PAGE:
And then smile. And then fix their hair. And hope the camera catches their good side and doesn't make their ass look huge or their double chin too obvious. Surveillance society? Pshaw. It's a celebrity society, baby. Everyone wants to be on television, no matter what kind of television it is.
It's truly a fascinating and convoluted issue, this surveillance thing, largely because it is, both morally and culturally, nearly impossible to nail down. Are cameras and wiretapping and secret GPS systems and Google Maps and so forth a huge invasion of privacy? Well, yes. Do citizens, by a surprising margin, still say they want more cameras anyway? Yes again. Is this creepy and odd and telling? Absolutely. Is it also somewhat understandable, given the public's frustration with crime and our government's general ineptitude, all undercut by a sad, ironic willingness to spend millions of tax dollars installing technology to watch for crime, as opposed to actually trying to solve the issues that cause those crimes in the first place? Bingo.
And to top it all off, is the MySpace generation -- the most shameless, fearless, blog-ready, on-camera, broadcast-everything generation in history -- already preemptively rolling its collective eyes at the whole issue, saying what's the big deal? You bet it is.
No matter. For now, surveillance is hot all over the world. Pop culture, for one, seems to be reveling in the idea, from the mad popularity of the aforementioned Google Maps to GPS-enabled cellphones to Hollywood itself, which is latching onto the hysteria by way of all sorts of creepy flicks, like the upcoming "Rendition", all about a swell, upstanding family man who's mistaken for a terrorist at the airport and is secretly whisked off to one of BushCo's beloved European torture prisons while a frantic Reese Witherspoon goes totally crazy looking for him. (Note: Dick Cheney reportedly declined a cameo as the guy who gets to stick the electrodes on prisoners' genitalia.)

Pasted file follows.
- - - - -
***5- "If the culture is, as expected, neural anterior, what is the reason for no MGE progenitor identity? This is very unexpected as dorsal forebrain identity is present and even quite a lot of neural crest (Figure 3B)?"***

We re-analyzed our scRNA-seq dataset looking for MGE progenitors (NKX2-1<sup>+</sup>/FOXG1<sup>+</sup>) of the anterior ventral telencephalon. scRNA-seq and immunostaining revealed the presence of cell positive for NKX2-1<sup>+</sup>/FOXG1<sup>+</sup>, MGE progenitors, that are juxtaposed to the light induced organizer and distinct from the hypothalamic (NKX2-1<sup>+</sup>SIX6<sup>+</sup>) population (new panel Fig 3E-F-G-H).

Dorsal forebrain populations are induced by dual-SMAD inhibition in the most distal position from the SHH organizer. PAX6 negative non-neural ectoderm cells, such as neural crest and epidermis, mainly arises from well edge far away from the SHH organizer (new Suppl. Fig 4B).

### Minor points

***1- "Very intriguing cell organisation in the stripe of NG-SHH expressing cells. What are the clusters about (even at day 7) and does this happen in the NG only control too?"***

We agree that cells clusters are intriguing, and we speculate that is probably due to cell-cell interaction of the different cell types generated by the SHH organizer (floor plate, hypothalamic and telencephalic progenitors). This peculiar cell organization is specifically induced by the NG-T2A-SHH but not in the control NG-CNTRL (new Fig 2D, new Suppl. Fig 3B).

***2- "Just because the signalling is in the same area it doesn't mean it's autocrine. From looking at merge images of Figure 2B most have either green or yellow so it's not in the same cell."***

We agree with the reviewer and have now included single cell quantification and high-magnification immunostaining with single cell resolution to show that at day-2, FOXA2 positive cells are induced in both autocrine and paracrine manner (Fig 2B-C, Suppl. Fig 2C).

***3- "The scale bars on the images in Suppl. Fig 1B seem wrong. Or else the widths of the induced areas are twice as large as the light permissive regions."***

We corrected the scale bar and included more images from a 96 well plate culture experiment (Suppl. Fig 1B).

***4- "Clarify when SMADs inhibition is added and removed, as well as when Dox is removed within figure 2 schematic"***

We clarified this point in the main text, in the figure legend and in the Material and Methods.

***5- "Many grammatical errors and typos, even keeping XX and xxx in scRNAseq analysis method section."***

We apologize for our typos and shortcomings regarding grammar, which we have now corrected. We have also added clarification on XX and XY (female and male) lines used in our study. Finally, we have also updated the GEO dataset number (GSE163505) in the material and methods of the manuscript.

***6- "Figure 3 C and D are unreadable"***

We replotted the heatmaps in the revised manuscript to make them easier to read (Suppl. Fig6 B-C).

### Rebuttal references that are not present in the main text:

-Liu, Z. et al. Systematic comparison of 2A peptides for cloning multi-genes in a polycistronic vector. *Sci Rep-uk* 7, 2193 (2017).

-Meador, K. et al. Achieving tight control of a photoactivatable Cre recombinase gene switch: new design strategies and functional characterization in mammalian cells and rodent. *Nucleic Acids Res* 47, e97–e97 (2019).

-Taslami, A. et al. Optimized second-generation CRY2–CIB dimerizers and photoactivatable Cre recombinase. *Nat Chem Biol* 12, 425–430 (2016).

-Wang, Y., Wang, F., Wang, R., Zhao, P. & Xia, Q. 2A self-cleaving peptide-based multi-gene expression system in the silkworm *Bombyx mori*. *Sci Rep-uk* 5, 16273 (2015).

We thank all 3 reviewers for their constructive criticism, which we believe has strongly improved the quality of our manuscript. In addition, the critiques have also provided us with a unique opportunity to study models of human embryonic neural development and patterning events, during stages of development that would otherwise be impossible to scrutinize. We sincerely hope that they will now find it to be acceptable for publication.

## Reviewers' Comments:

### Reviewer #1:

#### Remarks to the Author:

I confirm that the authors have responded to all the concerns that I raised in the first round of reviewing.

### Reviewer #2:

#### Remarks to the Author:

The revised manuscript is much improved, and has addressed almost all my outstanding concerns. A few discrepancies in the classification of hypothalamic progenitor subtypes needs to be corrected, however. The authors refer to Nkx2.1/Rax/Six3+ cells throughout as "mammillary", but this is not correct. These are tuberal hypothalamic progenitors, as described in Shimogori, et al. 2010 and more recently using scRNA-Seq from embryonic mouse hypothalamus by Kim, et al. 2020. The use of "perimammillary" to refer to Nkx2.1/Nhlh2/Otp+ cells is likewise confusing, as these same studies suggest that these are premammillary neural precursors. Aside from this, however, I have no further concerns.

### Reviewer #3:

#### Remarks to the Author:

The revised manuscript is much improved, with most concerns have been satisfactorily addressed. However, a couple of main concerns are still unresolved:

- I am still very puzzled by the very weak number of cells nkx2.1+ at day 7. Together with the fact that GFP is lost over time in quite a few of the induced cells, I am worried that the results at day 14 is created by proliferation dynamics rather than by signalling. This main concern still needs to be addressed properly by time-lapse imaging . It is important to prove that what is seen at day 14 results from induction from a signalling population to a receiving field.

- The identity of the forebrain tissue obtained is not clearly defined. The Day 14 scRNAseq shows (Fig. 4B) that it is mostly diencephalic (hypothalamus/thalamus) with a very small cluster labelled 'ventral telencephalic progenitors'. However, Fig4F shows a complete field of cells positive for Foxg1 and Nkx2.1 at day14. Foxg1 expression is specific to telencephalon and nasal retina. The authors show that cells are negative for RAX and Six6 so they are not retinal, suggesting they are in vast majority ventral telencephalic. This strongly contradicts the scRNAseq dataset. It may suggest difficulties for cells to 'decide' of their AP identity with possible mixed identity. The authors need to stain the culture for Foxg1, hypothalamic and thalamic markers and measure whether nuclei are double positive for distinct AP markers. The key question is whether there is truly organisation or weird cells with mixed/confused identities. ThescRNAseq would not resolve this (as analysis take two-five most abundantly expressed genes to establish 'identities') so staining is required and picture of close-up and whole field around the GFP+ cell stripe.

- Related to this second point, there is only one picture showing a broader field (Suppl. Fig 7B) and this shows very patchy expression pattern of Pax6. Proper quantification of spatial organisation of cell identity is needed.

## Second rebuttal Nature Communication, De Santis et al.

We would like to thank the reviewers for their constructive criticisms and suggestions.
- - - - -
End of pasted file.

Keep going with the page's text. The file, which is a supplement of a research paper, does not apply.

Hey, it could happen. Innocent people disappearing! Black SUVs at the door! Rebellion and independent thought snuffed out like a candle! Not at all difficult to believe, really, what with the fascist, famously dissent-crushing approach of the Bush regime of these many miserable years. Hell, add some face-recognition technology to the surveillance footage of that anti-Bush political rally, and watch the GOP dogs go on the attack. What, you don't think it can happen? Is happening? Has already happened?
Hmm ... So maybe I'm completely wrong. Maybe it's far more ugly and sinister than I imagine, and there's far more effective and hostile government/police surveillance happening all over our society, right now. And from the looks of it, there's a great deal more to come. RFID chip implants. Spy satellites. Tracking devices on school uniforms. Computer-encrypted ID cards -- like those being issued in China, right now -- packed with far more personal info than you imagine. Cameras popping up in schools, small towns, children's playgrounds, your shower. Yes indeed, it would seem that surveillance society is upon us, full force, cameras soon enveloping us all like a swarm of cold, ruthless bees.
It all comes down, I suppose, to how you choose to see it: It's either incredibly disturbing and shockingly dangerous and illuminates a rather ugly side of the failed human experiment, or it's all just a bit silly, hugely flawed, laughably inept.
Then again, much like the Bush regime itself, it's probably both.